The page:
Lawrence Lockhart, John Airs, Peter Wrigley and Jeremy Cushing respond to an article by Dan Button

As an economist I endorse Dan Button’s article( Stop obsessing about GDP: we should focus on wellbeing, 11 June ). The most we can say is that a succession of GDP figures over months should indicate whether the economy is growing or moving into recession. Likewise aggregate GDP statistics tell us nothing about how national fortune and income are distributed: globalisation in recent decades has increased the dimensions of the the cake, but the main beneficiaries have been the already better-off.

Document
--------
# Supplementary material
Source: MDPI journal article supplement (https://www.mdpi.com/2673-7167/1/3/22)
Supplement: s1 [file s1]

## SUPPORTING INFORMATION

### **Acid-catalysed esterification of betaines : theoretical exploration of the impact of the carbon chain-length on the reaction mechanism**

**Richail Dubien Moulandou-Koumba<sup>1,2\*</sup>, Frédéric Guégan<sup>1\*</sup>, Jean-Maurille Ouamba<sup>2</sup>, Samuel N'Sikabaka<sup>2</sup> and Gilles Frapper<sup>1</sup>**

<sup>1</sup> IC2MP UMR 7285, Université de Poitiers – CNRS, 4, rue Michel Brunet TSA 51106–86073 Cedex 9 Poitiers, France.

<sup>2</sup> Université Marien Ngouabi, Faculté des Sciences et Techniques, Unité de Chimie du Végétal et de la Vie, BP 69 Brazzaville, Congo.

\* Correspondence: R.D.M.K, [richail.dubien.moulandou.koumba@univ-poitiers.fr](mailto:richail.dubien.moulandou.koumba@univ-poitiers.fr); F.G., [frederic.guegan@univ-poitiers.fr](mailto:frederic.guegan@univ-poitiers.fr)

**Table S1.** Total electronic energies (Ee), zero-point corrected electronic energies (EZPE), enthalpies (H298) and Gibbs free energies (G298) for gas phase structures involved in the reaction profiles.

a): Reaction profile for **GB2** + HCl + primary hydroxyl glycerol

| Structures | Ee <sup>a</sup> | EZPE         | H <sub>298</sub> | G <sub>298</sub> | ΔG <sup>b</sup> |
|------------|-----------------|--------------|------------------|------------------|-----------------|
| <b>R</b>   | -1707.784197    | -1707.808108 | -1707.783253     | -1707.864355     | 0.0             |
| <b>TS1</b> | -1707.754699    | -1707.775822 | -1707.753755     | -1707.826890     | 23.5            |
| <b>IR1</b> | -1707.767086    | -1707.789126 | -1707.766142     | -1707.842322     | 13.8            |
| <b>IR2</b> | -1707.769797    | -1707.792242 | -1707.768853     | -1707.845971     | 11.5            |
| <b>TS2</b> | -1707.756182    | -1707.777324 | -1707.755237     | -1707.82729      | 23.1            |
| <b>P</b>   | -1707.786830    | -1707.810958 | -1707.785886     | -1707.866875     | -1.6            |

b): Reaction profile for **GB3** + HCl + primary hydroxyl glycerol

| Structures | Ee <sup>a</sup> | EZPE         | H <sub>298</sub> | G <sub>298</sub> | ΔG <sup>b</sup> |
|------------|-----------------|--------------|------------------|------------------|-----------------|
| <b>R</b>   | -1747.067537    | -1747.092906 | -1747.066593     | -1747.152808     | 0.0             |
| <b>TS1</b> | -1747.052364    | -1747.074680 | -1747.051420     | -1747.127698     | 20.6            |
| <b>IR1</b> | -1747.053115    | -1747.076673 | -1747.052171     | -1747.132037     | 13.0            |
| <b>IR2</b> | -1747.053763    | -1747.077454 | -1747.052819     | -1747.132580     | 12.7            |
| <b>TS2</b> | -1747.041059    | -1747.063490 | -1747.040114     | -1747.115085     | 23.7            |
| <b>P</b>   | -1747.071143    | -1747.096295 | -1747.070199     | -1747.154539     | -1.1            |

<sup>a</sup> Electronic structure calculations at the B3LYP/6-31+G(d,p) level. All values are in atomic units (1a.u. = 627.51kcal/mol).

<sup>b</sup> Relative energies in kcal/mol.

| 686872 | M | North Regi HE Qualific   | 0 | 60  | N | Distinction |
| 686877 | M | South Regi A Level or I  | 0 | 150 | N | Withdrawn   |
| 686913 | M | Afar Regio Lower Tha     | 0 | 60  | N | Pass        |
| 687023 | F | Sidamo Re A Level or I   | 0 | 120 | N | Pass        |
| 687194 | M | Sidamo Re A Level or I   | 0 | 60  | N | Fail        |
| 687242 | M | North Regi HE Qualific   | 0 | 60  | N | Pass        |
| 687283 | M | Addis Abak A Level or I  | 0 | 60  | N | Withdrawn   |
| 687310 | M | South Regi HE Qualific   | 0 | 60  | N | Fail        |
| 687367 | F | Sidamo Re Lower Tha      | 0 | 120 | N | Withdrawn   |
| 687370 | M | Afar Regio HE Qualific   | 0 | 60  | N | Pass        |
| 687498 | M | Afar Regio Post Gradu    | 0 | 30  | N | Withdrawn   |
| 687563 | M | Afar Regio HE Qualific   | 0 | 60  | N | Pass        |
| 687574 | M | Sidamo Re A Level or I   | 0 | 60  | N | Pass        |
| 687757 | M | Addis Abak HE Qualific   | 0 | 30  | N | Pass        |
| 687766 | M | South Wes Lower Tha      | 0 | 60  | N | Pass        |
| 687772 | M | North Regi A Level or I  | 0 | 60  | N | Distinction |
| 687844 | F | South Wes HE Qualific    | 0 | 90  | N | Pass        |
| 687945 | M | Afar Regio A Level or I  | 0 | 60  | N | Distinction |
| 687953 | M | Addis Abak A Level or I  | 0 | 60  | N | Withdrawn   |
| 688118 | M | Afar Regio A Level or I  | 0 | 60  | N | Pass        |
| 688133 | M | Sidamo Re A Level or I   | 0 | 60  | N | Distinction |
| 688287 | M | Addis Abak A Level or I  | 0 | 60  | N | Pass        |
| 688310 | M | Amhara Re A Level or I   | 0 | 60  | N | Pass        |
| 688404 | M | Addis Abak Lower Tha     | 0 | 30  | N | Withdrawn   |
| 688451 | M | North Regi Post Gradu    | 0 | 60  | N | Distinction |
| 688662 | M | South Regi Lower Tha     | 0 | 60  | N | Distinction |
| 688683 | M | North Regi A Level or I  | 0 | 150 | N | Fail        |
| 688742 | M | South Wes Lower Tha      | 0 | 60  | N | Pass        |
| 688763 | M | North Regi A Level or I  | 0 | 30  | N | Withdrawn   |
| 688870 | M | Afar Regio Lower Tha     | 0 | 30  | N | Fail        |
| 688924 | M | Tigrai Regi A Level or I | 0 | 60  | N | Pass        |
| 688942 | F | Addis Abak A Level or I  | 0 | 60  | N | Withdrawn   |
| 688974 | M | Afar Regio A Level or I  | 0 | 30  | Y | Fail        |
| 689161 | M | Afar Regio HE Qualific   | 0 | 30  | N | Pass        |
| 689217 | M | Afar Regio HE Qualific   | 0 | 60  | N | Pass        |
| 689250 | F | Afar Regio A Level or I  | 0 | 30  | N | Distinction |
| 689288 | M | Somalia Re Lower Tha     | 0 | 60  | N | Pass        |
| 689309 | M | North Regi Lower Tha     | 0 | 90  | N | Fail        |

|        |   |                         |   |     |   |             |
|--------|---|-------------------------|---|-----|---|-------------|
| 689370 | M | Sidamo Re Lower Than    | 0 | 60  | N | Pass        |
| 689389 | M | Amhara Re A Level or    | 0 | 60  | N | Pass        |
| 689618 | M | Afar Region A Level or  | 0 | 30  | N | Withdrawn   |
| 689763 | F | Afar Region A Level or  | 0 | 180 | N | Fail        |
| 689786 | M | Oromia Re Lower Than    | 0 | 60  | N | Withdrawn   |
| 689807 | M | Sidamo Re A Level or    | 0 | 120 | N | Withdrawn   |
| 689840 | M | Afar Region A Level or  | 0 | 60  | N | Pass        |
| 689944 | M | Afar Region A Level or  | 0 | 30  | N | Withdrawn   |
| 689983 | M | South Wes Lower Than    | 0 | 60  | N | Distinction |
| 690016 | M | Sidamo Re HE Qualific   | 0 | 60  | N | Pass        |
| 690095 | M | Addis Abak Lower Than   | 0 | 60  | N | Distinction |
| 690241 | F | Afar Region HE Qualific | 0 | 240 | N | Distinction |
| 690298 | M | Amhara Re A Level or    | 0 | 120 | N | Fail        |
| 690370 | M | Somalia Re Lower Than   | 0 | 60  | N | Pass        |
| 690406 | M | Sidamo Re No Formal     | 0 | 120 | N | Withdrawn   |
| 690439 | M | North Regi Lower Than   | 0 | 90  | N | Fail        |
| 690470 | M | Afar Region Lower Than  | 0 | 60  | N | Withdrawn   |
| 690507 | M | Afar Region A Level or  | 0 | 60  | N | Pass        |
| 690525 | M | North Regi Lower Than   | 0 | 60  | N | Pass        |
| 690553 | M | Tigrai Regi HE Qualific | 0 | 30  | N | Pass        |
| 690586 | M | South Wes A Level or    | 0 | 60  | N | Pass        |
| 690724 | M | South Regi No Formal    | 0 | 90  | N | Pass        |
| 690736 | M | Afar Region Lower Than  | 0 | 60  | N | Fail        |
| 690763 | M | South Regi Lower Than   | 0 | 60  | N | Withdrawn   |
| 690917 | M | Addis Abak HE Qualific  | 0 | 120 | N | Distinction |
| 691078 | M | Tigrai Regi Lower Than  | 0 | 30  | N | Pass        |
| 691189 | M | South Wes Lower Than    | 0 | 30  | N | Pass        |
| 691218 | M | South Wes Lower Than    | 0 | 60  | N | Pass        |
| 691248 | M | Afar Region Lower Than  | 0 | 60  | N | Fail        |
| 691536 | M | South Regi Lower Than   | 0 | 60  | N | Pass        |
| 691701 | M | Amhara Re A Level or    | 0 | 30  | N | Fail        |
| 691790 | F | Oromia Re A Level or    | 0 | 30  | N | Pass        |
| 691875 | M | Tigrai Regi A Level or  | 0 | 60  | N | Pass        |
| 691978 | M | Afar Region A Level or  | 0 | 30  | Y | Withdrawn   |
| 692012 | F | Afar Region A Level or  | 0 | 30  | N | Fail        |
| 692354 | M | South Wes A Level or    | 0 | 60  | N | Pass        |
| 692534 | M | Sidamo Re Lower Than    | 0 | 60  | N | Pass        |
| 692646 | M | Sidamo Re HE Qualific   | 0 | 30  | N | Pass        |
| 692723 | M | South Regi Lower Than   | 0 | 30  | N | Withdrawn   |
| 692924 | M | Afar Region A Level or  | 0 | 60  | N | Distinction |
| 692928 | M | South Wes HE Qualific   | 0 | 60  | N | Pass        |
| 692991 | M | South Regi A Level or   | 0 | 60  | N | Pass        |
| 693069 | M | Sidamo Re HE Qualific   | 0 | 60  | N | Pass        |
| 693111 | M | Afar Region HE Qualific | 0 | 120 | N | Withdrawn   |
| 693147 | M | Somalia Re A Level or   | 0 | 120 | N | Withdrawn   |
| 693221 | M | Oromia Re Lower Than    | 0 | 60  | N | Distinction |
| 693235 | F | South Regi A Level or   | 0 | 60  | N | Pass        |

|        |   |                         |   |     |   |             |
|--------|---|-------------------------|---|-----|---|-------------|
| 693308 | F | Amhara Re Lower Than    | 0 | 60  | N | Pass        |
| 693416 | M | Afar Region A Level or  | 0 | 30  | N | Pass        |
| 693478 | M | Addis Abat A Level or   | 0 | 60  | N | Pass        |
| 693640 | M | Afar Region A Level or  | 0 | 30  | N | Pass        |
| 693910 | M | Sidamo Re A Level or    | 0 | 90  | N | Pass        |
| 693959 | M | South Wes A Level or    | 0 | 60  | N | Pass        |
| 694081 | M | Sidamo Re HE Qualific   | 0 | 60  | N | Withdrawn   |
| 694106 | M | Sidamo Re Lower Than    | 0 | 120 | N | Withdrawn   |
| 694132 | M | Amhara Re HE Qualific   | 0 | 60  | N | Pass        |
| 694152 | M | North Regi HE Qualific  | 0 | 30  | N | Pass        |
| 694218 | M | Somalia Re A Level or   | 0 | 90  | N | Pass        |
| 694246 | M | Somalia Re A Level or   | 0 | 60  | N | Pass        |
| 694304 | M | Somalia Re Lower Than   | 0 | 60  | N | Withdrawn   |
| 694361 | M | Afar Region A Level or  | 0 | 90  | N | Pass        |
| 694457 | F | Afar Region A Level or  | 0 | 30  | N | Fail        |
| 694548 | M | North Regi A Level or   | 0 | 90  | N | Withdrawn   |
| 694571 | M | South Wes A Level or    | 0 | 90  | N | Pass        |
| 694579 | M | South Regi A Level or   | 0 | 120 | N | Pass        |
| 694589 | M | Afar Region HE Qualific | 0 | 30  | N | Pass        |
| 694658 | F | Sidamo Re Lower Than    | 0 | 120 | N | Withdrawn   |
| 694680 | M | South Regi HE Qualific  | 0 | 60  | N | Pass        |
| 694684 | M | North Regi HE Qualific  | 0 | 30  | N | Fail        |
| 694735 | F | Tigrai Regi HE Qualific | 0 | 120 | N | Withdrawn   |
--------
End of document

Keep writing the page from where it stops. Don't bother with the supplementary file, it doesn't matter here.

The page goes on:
To extract meaning from GDP tendencies we have to break it into its components: uptake, investment, public spending, the trade balance. Consumption is by far the largest of these, and the primary motorist of their own economies, but its level is precariously underpinned by unsecured private debt. It is broadly accepted that real investment( in brand-new productive capacity) is dismally inadequate for the continued growth of a modern economy; much of what does take place goes into buying paper assets.

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